Important costs are involved in decarbonisation but the assumption in former Chancellor Philip Hammond’s leaked letter to then Prime Minister, Theresa May, that these will be entirely or largely borne by the public sector is entirely unfounded. There are also economic benefits to decarbonisation, and to harness this, a sophisticated cost-benefit scheme should be drawn up and be subject to regular revision.
If anything, economic decarbonisation will accelerate growth when it is most needed. The costs of acting too late will be far greater than all others, mirroring in some ways the lack of resilience or preparedness of the COVID-19 crisis currently upon us. The Treasury-led 2006 Stern Review was the best demonstration of this possibility. Much academic work also acknowledges that rational long-term decision making is the most difficult to carry out well and this has been the problem with developing climate change policy. The current Treasury review has been explicit that it intends to instil a long-term approach – the stakes are higher than ever and all analytical tools should be mobilised to confront an existential threat. To be clear, absolutely no cost-benefit analysis worth its salt would ever consider runaway environmental collapse as the cheaper option.
Changes in Treasury practices are needed in order to adapt to the huge demands of effective decarbonisation. The Budget and the Spending Review, where departmental budgets are set, are crucial policy levers. Currently, HM Treasury uses a ‘scorecard’ to measure how each new policy is aligned with public sector net borrowing. Setting the scorecard against a net carbon contribution could fundamentally change policymaking, so that every Treasury policy had to be evaluated against its carbon impact, guaranteeing that even when rapid policymaking is needed – as in the current pandemic – that decarbonisation is centrally considered, not just an ‘add on’. The Government Economic Service could also give greater focus to environmental and climate training for officials, and to ensure structural changes are consistent, further changes are needed to the Green Book.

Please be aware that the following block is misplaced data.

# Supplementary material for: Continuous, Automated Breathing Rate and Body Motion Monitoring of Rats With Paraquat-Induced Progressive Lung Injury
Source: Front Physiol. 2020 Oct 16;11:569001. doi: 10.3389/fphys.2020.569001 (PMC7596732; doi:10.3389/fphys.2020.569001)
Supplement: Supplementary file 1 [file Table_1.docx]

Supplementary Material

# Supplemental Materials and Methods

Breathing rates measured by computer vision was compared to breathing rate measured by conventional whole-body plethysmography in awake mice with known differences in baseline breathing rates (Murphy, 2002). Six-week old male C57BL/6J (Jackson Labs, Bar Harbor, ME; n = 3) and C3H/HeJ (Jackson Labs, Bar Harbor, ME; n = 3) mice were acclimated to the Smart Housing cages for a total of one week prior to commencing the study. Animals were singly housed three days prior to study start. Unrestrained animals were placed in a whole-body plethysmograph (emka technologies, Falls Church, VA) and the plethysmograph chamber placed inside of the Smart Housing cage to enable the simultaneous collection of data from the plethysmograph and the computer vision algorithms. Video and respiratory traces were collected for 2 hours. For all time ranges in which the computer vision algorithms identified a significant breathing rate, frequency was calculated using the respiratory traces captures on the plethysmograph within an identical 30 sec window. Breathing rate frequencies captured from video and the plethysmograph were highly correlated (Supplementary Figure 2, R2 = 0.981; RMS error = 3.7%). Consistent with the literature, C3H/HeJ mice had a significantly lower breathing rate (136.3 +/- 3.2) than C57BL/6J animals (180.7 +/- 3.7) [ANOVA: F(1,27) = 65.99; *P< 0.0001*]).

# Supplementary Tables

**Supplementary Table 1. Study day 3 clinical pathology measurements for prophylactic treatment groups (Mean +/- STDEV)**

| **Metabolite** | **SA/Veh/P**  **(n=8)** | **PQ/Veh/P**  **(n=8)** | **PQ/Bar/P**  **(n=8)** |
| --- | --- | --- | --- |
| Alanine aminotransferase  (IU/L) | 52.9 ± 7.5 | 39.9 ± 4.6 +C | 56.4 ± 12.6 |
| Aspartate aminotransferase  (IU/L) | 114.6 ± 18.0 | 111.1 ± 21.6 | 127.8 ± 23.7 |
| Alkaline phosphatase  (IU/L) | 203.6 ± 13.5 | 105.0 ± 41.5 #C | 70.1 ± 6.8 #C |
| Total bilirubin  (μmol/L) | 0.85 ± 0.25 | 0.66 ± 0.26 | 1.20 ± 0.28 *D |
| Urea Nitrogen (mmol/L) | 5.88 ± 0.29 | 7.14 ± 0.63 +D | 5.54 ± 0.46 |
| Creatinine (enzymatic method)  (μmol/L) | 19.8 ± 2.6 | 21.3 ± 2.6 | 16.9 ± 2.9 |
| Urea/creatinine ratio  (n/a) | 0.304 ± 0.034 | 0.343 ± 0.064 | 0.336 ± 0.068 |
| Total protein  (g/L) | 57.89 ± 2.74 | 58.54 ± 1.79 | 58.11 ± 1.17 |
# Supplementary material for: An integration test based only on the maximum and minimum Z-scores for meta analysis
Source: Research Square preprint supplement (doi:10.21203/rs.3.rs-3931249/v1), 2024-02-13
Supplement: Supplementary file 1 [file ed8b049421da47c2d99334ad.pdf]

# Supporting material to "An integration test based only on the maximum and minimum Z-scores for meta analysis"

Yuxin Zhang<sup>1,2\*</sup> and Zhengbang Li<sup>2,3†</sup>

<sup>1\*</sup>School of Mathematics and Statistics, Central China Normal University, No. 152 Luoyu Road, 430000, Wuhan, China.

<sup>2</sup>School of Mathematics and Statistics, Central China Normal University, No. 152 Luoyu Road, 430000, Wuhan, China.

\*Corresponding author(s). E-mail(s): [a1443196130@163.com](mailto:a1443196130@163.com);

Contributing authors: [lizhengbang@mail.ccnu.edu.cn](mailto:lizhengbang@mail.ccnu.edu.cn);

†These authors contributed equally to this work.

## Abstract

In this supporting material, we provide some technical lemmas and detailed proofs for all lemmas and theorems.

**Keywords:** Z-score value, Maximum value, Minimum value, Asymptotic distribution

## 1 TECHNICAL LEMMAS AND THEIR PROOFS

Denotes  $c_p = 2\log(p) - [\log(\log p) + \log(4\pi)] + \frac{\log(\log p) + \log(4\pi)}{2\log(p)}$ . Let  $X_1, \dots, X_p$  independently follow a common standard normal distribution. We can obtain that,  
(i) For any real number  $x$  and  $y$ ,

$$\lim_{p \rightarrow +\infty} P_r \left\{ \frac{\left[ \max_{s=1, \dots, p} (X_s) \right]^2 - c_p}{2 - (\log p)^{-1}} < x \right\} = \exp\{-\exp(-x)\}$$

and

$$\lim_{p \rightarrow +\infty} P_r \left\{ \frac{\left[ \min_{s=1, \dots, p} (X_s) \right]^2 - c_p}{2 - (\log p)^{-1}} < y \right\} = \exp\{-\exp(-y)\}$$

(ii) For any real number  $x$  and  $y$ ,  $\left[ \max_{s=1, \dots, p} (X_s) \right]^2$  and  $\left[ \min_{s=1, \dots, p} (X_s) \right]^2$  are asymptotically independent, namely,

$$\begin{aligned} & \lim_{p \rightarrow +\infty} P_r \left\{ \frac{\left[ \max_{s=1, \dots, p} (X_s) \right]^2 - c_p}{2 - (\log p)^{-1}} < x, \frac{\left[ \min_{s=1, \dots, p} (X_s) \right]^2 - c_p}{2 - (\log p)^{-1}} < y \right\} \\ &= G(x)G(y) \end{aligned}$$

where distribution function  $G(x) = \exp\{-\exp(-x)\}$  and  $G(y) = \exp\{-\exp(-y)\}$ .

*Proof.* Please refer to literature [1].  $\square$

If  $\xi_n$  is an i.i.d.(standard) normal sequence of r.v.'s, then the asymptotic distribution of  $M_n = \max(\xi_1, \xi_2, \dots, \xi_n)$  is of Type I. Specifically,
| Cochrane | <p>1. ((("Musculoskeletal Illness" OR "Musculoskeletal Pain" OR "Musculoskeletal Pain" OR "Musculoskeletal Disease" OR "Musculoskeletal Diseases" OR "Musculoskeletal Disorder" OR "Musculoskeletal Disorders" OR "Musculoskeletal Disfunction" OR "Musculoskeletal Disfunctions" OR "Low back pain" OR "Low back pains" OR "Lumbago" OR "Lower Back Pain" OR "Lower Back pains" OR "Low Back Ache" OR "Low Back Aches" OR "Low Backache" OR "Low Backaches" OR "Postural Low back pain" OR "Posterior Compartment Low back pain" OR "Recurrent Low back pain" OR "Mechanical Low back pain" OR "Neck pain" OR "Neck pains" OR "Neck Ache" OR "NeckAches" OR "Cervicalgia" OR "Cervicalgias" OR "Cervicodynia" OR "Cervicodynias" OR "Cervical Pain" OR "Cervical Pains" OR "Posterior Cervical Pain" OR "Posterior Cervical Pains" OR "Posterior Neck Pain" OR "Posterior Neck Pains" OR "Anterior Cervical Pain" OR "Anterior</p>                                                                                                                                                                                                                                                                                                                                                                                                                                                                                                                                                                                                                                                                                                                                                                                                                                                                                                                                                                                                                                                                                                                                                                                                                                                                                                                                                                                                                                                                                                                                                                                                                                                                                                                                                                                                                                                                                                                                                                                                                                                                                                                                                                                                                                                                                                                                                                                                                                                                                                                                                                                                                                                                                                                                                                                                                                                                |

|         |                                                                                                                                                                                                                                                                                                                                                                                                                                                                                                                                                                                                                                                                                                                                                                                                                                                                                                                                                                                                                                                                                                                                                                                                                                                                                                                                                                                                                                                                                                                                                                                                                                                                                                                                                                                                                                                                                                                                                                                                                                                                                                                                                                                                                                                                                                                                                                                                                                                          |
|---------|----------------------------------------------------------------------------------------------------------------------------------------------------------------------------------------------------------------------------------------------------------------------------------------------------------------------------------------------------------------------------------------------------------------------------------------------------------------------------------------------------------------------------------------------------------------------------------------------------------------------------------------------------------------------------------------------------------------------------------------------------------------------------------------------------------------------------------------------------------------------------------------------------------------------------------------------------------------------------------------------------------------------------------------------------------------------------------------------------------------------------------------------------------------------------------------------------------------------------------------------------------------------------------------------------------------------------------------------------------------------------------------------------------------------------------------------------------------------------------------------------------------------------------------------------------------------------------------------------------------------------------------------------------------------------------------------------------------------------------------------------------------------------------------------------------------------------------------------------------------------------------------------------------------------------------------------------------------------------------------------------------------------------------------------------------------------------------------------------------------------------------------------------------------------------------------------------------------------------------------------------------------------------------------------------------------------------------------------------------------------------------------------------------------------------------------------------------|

Beyond installing a carbon scorecard, which would enhance ministerial scrutiny and accountability, a remedy for more consistent climate policymaking at all levels would be to further centralise climate policy within the department’s remit. The title and responsibilities of the Chancellor could, for example, be amended to include climate change, with the Treasury becoming the lead department on decarbonisation policy. And in line with new thinking on how organisational leaders work best, Permanent Secretaries could be restricted to fulfilling two or three central objectives for their institutions, one being a decarbonised economy.